In one development of the invention, an immersion medium is provided between the diffraction grating and the test specimen, as a result of which the maximum numerical aperture of the test specimen that can be dealt with by the measuring apparatus can be increased still further.
In a further refinement of the wavefront measuring apparatus, the light scattering layer is in touching contact with the detector element. Therefore, there is no need to take account of any further intervening optical media for the behavior of the radiation emitted by the scattering disk. Moreover, the detector element on the relevant scattering disk side may serve as a boundary for the embedding medium if a liquid is chosen for the latter. In an alternative refinement of the invention, the light scattering layer is held by adhesion at a detector-side surface of the scattering disk substrate, on whose opposite surface the diffraction grating is provided. The detector element is then arranged at a distance from the light scattering layer, e.g. with interposition of a detection imaging optic.
In the microlithography projection exposure apparatus of the invention the optical scattering disk of the invention is arranged at the radiation output side of a projection objective at least for given time intervals, where a projection objective may be one having a high aperture of e.g. 0.9 or more and/or may be designed for operating with an immersion medium, preferably an immersion fluid.
Advantageous embodiments of the invention are illustrated in the drawings and are described below. In the drawings:
The scattering disk arrangement shown in
The embedding medium 4 fills all interspaces between the light-scattering-active particles 3 and consequently areally (contiguously) adjoins the substrate 1 wherever there is no contact between the substrate 1 and one of the particles 3, which, on account of their typical rounded small grain form, adjoin against the substrate 1 with at most a small contact area. It is thereby ensured that any radiation which passes through the substrate 1 does not undergo total reflection at the substrate/light scattering layer interface 5, independently of the angle of incidence.
This is illustrated in
Characteristically, radiation which impinges at comparatively large angles of incidence on the substrate/light scattering layer interface 5 at a location not occupied by a light-scattering-active particle also passes into the light scattering layer 2 without total reflection losses on account of the refractive index coordination between the embedding medium 4 and the substrate 1, and in said light scattering layer it in turn impinges on a light-scattering-active particle 3 and is scattered by the latter; in this respect, see the light beam 6 c. Even if, in specific embodiments, the refractive index of the embedding medium 4 is less than that of the substrate 1, it is in any event greater than that of air, so that, in contrast to conventional scattering disks without such an embedding medium which is optically denser than air, that radiation portion which is incident at angles in the range between the substrate/air angle of total reflection and the substrate/embedding medium angle of total reflection, is also still coupled into the light scattering layer 2.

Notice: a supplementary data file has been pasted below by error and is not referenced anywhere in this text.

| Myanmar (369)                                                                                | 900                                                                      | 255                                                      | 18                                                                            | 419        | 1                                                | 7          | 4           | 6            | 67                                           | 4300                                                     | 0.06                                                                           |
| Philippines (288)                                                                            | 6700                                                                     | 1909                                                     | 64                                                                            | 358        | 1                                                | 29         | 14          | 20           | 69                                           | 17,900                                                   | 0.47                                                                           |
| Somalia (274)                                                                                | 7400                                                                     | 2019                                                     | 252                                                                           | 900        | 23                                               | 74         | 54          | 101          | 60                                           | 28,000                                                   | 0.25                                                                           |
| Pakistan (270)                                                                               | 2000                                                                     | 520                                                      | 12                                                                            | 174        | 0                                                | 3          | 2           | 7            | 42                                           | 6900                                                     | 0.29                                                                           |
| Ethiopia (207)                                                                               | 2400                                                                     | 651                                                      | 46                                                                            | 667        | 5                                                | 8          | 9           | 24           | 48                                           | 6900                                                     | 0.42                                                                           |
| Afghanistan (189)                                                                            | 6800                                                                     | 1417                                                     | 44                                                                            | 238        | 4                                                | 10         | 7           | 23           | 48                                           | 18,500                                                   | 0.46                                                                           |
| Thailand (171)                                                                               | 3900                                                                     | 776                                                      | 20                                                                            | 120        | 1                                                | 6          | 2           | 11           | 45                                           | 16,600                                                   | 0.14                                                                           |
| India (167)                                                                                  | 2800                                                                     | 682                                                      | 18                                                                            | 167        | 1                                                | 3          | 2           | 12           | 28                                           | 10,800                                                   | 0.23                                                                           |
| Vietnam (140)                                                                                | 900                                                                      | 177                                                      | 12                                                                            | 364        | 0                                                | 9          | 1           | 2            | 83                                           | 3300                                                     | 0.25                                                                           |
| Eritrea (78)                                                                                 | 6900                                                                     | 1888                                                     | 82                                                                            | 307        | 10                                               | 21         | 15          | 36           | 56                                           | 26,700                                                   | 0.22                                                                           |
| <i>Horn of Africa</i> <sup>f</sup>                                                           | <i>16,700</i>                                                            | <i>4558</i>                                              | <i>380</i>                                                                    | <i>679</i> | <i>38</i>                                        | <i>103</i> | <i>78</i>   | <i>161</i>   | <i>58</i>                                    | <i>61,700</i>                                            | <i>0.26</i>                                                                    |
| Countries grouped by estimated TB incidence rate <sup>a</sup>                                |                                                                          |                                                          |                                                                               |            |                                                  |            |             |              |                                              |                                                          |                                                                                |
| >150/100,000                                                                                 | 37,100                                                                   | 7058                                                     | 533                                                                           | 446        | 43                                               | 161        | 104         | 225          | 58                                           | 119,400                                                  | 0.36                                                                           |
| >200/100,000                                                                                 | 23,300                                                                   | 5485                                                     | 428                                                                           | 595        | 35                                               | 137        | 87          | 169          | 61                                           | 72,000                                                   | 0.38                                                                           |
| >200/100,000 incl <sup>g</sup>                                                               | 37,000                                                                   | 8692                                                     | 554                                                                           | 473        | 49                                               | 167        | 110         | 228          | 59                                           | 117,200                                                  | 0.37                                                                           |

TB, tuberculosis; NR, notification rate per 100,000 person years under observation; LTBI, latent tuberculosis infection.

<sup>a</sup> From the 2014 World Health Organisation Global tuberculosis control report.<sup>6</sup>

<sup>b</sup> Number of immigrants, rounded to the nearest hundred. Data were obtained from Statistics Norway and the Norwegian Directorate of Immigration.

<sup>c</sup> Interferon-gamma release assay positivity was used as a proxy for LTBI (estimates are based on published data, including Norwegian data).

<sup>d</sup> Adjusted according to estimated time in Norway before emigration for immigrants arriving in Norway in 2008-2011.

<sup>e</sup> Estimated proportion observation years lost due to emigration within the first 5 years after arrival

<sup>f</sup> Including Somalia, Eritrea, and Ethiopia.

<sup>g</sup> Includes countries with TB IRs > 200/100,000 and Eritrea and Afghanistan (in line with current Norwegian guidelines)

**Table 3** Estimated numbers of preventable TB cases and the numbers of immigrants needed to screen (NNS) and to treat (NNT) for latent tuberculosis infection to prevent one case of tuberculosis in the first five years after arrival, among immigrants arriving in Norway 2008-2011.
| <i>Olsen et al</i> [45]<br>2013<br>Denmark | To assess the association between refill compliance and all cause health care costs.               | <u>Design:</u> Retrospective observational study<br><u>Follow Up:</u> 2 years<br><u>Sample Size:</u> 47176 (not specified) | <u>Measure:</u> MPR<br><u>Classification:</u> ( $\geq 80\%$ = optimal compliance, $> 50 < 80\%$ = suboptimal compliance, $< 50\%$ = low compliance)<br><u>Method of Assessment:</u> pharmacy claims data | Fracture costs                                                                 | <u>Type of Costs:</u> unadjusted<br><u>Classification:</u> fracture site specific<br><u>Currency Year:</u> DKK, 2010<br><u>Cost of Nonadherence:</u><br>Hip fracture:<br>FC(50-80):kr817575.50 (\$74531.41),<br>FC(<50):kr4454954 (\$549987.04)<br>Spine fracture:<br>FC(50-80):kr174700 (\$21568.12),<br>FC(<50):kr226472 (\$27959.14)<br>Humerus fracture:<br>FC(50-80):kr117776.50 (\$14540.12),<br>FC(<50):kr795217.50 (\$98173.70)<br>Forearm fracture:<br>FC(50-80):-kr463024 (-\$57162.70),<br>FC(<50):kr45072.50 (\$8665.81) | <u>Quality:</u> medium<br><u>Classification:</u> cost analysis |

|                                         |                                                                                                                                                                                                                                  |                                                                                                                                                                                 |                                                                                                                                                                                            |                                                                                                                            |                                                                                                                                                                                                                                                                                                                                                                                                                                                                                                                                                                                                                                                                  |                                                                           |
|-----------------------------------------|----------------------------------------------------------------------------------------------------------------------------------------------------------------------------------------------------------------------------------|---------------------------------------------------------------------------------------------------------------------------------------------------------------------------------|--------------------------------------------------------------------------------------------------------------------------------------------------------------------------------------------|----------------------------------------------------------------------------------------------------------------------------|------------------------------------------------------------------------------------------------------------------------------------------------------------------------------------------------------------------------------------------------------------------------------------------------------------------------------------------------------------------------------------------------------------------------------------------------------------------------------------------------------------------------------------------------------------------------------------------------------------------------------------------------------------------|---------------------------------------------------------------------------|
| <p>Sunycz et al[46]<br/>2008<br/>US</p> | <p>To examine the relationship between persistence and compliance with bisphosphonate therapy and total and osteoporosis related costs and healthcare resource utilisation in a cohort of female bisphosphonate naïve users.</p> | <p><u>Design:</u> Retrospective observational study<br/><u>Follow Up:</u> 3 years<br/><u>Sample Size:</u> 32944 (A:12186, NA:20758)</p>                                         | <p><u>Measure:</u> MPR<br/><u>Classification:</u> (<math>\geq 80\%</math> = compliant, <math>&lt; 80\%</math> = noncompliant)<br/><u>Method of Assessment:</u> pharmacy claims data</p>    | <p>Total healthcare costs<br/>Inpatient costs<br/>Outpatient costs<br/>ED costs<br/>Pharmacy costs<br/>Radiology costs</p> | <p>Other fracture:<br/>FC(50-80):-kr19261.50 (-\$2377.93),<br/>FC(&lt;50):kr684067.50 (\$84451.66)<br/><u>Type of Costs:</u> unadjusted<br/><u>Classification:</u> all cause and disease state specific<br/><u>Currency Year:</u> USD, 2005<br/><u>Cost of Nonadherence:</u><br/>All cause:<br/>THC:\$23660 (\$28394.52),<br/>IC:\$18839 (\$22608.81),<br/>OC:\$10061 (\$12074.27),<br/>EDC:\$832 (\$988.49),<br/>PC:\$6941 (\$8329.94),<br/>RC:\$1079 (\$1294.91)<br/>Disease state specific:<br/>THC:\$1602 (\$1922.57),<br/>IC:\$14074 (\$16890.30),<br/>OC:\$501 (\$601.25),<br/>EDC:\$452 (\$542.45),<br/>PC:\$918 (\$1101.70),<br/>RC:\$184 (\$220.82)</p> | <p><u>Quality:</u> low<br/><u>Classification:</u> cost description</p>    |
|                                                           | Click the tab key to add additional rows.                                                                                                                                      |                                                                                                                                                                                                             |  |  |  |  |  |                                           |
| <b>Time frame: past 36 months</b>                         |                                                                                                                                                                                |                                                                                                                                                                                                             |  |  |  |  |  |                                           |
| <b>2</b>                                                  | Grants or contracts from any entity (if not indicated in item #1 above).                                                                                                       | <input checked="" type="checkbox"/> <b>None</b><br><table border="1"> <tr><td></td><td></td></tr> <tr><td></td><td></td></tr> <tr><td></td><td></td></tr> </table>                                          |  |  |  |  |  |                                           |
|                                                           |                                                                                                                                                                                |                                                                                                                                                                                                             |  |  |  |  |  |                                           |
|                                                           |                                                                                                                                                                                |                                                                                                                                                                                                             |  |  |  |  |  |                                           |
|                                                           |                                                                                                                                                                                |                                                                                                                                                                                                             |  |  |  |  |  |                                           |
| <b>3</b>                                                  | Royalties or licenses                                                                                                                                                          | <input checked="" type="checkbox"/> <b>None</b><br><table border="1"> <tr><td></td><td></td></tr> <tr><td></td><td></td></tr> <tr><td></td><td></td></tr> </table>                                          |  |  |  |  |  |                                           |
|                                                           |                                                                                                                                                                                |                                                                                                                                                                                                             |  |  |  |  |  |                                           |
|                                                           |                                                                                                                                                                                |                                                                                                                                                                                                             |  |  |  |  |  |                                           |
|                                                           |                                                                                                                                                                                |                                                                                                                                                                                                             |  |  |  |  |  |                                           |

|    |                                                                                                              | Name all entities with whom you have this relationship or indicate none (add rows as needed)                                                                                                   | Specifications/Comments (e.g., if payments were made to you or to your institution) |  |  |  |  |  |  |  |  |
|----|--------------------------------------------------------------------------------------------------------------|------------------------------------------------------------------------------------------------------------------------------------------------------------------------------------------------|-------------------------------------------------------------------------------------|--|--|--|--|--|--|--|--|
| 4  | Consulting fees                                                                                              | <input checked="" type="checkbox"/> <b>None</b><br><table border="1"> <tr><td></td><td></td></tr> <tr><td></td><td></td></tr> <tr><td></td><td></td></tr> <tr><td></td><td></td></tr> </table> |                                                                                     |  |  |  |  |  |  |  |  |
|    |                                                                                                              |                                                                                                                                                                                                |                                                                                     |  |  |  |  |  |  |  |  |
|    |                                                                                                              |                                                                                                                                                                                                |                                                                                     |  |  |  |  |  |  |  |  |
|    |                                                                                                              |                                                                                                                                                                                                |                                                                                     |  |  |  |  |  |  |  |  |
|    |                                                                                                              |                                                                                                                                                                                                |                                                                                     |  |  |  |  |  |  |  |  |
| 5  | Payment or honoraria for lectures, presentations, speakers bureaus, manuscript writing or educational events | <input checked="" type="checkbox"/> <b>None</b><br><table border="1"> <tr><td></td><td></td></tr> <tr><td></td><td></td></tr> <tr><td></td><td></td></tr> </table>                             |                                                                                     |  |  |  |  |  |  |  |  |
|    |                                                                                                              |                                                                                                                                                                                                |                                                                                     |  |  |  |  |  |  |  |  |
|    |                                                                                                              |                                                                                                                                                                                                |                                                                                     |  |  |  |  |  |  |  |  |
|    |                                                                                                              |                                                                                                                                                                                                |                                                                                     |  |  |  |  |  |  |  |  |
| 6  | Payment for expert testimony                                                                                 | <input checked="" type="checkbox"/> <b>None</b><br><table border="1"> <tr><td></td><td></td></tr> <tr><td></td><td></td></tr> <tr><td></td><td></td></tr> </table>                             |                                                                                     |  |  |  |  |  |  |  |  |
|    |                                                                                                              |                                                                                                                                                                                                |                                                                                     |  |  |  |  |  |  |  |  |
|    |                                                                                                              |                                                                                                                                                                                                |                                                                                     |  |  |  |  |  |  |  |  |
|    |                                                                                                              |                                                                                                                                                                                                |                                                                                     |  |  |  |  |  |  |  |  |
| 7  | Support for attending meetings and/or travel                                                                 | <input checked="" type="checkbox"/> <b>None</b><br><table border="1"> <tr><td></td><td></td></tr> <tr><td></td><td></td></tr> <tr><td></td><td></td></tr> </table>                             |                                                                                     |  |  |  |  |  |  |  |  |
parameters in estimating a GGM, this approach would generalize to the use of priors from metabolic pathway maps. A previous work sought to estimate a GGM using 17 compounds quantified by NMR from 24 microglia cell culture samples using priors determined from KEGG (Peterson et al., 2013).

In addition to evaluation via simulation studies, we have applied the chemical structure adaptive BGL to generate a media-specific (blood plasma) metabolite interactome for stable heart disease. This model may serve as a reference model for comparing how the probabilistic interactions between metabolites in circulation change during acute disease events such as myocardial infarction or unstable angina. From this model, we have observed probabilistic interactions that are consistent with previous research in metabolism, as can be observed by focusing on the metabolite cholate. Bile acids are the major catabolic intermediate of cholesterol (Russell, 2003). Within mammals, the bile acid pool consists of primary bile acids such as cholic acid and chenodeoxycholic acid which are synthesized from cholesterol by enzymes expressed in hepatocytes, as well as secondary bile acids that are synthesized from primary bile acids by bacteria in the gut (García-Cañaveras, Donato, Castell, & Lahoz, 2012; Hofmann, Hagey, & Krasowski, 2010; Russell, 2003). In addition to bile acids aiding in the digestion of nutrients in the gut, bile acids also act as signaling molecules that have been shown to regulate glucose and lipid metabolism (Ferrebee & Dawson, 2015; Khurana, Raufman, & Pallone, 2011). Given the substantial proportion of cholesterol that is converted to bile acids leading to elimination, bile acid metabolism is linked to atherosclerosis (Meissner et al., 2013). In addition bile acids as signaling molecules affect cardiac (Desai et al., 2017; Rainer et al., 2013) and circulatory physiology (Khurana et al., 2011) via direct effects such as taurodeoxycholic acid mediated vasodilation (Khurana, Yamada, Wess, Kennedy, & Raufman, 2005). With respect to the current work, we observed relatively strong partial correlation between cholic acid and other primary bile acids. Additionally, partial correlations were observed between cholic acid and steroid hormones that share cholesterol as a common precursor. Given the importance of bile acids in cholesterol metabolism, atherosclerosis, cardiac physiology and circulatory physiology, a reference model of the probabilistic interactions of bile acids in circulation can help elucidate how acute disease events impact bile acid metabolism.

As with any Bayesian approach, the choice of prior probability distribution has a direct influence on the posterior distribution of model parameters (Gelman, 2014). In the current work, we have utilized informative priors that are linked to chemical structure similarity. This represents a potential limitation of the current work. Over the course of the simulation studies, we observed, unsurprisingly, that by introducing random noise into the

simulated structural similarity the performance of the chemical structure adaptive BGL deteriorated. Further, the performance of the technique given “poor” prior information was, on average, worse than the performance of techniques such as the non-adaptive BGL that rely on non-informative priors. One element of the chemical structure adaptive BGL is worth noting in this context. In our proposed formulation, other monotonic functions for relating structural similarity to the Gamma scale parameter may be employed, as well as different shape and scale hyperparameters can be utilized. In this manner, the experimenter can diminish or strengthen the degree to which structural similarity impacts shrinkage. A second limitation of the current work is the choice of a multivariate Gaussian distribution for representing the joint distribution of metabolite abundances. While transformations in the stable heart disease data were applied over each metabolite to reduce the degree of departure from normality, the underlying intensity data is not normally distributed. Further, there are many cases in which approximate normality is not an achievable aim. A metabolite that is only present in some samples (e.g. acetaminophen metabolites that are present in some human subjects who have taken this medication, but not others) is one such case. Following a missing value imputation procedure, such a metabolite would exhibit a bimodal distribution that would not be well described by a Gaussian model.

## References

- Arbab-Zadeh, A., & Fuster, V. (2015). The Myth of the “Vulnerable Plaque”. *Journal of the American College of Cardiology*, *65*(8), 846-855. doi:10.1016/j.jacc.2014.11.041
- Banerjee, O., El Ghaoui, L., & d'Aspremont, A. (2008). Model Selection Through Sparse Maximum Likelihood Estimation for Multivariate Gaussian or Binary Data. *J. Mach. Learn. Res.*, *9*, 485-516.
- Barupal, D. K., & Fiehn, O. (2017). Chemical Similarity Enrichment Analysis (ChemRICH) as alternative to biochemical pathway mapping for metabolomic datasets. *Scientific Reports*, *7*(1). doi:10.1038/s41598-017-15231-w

In principle all materials having a refractive index greater than that of air are suitable for the embedding medium 4, said materials being as transparent as possible both to the incident radiation and to the scattered, emitted and, if appropriate, frequency-converted radiation. In the case of a solid embedding medium 4, the particles 3 are fixed, that is to say as it were cast, therein. For many applications it is favorable to choose a liquid embedding medium 4, which may be chosen with its refractive index adapted to an angle of total reflection required by the desired application. Appropriate liquids are water or Fomblin, by way of example, if UV or DUV radiation is involved. In the case of radiation at other wavelengths, e.g. oils such as are used as an immersion medium in immersion microscopy can be used for the embedding medium 4.
If required, the embedding medium 4 may also be designed for fulfilling a filter function for the angular spectrum of the radiation passing into the light scattering layer 2, that is to say that a specific difference in refractive index between the substrate 1 and the then optically less dense embedding medium 4 is chosen in a targeted manner such that only radiation which is incident on the light scattering layer 2 at an angle of incidence up to at most the relevant angle of total reflection is coupled into the light scattering layer 2 in a desired manner.
For the light-scattering-active particles 3, all materials which are customary therefor can be used, in particular those having a purely scattering behavior without frequency conversion, e.g. a glass or quartz granular material, and those having a fluorescent, quantum-converting behavior, such as P43 material, correspondingly doped glass materials, cerium-doped quartz material, Lumilas material, etc.
The particles 3 may be transparent and/or have reflective properties, depending on the application and as required. The dimensioning and shape of the particles 3 are likewise arbitrary depending on the application. Thus, the particles 3 may e.g. be of essentially identical size and have an identical type of geometry or alternatively may vary in their properties, e.g. finer and/or coarser grains, particles having a smoother or rougher surface, more rounded or more angular grains, etc. The particles may be present separately or in agglomerated form and, with the use of a fluid embedding medium 4, may be present in the latter loosely or in bound form, that is to say in freely mobile fashion or attached to a particle carrier substrate or in or on a particle carrier structure. What is essential in any case is the uninterrupted embedding and wetting of the particles 3 by the embedding medium 4 on the side facing the direction of incidence, that is to say the substrate 1.